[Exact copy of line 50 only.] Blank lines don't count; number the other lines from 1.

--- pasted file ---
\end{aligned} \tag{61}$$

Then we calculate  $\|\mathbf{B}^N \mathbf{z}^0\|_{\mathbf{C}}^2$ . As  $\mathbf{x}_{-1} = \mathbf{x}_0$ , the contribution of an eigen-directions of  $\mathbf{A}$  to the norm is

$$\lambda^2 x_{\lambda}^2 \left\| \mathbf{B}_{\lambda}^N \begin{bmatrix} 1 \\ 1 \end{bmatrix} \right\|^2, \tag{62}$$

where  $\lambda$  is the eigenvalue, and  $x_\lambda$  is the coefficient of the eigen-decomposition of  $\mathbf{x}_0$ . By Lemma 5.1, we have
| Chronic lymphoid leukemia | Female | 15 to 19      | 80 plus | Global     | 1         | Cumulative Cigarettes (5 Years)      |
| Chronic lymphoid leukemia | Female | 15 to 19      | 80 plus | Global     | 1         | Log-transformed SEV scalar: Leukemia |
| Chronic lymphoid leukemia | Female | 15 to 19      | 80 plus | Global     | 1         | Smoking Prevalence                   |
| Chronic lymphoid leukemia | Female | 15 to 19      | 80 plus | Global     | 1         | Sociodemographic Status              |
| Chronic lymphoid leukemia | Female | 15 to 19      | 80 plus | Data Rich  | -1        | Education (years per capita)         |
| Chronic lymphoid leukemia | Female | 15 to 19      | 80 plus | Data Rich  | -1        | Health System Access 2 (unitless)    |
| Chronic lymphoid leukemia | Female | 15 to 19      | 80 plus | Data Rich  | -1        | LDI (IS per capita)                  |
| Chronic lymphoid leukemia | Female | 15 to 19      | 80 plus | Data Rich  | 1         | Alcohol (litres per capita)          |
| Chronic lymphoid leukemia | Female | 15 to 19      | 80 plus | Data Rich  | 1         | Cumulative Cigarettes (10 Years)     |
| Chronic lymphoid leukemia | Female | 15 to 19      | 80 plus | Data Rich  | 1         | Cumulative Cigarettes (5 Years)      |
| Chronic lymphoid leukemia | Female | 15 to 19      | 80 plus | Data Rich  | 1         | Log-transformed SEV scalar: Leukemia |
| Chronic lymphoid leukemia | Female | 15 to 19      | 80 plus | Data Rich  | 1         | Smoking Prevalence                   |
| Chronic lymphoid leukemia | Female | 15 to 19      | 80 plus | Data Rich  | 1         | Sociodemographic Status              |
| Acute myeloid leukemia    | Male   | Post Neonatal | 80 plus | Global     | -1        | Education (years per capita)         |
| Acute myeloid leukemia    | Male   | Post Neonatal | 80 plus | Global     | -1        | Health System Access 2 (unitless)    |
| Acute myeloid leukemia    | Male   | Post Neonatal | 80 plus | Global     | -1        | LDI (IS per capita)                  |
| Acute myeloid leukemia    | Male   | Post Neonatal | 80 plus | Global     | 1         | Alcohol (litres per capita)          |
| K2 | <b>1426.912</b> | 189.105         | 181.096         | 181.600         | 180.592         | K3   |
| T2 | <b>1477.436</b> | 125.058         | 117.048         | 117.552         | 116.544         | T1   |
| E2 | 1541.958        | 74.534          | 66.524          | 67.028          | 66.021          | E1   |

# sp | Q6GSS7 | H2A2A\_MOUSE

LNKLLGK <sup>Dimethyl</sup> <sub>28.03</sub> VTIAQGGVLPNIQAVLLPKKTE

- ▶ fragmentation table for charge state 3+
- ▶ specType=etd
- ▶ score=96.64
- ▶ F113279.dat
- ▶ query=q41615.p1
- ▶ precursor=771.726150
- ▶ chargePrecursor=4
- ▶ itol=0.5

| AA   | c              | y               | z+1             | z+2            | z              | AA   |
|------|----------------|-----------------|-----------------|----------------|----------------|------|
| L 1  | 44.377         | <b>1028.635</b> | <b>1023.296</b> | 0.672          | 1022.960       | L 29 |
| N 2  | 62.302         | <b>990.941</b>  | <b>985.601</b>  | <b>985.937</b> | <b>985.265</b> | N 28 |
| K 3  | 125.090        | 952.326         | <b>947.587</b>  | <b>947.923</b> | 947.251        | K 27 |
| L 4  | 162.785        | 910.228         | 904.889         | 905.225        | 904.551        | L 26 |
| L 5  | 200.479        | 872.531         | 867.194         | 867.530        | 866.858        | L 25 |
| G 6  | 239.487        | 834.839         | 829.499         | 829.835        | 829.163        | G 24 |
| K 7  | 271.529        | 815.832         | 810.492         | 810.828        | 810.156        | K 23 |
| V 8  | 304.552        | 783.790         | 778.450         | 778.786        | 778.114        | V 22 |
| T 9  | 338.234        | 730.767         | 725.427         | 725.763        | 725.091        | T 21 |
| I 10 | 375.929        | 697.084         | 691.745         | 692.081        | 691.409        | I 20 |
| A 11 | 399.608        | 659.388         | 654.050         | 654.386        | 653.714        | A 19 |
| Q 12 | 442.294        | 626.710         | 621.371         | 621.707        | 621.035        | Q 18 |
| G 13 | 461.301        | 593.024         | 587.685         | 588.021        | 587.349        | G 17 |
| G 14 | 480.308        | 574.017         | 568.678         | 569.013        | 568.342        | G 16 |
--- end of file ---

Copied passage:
| G 14 | 480.308        | 574.017         | 568.678         | 569.013        | 568.342        | G 16 |